David H. Li
Biography and bibliography
He has written several books and also translated several Chinese classics to English. He was born in 1928 in Ningbo, Zhejiang, China, and moved to the United States in 1949, where he still lives in Bethesda, Maryland. He was an accountant and accounting teacher. His academic career included lectures at the University of Washington, Seattle, and as a Ford Foundation Visiting Professor at the Chinese University of Hong Kong. Later he joined the World Bank Group. After retirement, Li published a number of books in English on the culture of China, including translations of the Analects of Confucius, The Art of War, and Tao Te Ching, as well as several books on xiangqi or Chinese chess.
In his book "The Genealogy of Chess" (which won the 'Book of the Year' 1998 award from the editors of GAMES Magazine), Li surveys evidence regarding the origins of chess and concludes that an early version of chess called xiangqi was invented in China in 203 BC, by General Han Xin, who supposedly drew on the earlier game liubo as well as on the teachings of The Art of War. Li suggests that this game had spread via the Silk Road, to Persia (becoming various forms of shatranj) and India (becoming various forms of chaturanga), as well as to Japan (becoming shogi) and Korea (becoming janggi).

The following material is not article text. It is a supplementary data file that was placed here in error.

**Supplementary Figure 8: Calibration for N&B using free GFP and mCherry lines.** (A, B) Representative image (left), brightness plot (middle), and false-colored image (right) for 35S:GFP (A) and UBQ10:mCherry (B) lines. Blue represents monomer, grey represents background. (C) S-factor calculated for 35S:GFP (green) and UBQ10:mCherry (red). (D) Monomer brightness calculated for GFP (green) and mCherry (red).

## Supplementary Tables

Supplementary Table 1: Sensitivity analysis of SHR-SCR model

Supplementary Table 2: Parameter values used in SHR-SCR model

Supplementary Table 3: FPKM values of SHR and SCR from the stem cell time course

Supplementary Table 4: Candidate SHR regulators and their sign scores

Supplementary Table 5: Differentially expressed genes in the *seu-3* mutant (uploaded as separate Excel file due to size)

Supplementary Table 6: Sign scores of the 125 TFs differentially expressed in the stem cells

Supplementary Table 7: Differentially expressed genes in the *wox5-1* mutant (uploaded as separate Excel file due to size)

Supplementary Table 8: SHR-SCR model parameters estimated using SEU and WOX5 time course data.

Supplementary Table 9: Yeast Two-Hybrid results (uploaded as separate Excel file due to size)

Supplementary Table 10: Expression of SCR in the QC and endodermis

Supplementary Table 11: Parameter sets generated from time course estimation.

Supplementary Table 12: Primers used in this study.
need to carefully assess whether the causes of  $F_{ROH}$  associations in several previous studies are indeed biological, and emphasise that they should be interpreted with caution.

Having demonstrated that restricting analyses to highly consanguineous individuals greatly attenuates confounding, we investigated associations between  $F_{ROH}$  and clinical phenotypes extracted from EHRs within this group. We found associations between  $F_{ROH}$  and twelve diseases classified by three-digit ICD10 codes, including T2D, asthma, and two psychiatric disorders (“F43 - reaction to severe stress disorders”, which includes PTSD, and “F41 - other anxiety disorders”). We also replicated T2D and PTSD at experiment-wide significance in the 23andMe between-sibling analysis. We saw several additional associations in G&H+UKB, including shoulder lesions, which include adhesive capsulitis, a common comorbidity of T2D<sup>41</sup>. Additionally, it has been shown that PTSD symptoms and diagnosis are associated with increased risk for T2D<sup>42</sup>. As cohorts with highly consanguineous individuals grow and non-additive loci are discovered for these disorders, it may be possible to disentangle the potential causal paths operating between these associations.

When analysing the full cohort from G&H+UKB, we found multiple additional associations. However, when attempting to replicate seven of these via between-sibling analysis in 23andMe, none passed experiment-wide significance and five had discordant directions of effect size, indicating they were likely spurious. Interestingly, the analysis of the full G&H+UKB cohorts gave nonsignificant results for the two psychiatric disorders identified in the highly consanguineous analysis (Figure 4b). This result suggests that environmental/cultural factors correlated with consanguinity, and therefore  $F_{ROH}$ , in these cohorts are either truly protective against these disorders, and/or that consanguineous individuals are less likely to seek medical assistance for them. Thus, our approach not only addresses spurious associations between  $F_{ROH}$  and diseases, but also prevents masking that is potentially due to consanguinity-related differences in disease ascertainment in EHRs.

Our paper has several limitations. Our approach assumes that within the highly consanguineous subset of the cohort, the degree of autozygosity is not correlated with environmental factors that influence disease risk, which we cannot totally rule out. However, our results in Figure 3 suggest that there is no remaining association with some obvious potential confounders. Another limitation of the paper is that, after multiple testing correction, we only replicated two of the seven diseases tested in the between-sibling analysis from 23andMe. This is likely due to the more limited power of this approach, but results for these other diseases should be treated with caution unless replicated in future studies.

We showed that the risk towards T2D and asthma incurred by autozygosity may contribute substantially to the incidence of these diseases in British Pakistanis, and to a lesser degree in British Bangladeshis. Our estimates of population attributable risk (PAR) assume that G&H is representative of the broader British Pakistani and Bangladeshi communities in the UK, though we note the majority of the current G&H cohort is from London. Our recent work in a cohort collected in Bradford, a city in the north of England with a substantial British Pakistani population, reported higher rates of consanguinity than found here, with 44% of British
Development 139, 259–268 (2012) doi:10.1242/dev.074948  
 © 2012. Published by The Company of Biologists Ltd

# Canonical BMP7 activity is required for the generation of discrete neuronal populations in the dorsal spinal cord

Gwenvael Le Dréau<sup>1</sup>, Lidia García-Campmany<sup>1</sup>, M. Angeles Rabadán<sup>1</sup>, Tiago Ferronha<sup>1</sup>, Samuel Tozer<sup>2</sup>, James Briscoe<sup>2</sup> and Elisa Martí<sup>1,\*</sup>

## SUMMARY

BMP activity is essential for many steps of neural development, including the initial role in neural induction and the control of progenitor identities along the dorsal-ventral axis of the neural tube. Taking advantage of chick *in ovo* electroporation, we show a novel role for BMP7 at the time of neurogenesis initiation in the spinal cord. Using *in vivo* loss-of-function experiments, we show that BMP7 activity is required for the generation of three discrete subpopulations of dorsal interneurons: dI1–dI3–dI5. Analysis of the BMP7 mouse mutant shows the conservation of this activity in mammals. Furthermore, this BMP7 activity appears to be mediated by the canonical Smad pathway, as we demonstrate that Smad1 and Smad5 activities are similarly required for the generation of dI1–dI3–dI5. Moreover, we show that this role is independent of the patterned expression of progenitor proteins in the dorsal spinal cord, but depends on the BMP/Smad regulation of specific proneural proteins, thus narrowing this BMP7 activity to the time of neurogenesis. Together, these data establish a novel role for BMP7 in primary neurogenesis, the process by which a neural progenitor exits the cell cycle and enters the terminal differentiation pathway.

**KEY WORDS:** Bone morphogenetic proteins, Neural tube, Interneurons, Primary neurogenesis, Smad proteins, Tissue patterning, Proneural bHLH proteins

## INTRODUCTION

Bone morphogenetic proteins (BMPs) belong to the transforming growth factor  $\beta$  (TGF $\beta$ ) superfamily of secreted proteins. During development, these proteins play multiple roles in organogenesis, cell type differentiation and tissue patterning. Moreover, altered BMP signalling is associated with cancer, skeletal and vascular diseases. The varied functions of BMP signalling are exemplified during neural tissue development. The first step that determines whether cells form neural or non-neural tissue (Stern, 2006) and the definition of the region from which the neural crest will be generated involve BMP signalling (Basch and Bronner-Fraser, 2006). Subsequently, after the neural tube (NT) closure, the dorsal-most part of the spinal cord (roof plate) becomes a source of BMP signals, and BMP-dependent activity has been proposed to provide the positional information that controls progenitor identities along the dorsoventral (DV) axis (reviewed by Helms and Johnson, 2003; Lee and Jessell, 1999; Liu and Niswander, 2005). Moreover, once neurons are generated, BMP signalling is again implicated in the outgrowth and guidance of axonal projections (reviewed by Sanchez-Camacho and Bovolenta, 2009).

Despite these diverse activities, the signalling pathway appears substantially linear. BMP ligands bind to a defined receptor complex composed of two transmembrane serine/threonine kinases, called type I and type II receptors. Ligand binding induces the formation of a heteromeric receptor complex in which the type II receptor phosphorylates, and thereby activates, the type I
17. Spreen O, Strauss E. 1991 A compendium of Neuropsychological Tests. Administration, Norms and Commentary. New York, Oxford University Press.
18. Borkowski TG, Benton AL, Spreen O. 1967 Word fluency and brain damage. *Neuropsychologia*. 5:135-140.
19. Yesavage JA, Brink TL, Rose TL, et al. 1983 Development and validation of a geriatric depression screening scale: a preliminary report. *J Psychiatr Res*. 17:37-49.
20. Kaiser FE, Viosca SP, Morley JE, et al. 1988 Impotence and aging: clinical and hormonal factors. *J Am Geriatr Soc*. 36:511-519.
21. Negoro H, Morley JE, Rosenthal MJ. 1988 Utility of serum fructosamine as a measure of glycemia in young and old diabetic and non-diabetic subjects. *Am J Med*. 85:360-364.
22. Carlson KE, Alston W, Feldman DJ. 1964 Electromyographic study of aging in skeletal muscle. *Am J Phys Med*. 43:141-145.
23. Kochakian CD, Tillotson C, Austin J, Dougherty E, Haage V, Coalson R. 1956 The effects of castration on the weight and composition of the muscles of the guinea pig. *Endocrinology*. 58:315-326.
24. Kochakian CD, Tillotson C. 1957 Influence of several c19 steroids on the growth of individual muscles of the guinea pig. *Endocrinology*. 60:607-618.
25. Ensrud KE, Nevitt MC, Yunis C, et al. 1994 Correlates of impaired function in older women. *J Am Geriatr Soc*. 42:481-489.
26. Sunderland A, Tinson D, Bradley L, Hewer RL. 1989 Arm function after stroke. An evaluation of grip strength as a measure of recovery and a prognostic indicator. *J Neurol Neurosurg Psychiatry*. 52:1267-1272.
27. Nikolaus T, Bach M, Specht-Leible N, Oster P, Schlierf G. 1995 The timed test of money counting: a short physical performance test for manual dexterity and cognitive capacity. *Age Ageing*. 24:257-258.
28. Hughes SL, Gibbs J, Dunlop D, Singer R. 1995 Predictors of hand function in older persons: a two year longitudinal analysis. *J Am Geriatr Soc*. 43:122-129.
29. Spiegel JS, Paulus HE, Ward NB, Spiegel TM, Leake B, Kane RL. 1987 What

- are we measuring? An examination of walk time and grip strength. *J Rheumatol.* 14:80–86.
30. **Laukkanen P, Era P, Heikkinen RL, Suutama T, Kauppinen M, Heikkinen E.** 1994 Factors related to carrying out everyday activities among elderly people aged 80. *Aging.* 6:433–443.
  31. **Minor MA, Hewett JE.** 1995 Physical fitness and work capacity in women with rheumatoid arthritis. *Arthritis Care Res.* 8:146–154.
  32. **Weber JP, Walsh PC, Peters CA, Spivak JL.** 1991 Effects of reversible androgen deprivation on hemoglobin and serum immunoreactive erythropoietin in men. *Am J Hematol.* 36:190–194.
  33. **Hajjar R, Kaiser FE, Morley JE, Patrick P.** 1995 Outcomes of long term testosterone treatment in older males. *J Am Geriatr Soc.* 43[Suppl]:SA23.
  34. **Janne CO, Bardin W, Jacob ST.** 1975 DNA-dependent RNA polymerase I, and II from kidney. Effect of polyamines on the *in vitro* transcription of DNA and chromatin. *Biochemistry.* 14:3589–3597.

Li's idea that chess was invented in China, has found little support by the scientific world and his attribution to the Han general has been assessed as "based on virtually nothing". The common point of view and most evidence points the other way: the strategy board game played in China is believed to have been derived from India.
- Banaschak: A story well told is not necessarily true - being a critical assessment of David H. Li's "The Genealogy of Chess"
- The Washington Post, January 28, 2000, by Chris Redgate - Review of book (translation): "The Analects of Confucius"
- Wisconsin Bookwatch, June 1, 2005 - Review of book: “Xiangqi Syllabus On Horse”
- ChessBase interview, 2005 — Part I and Part II
- A critical assessment of David H. Li's "The Genealogy of Chess" by Peter Banaschak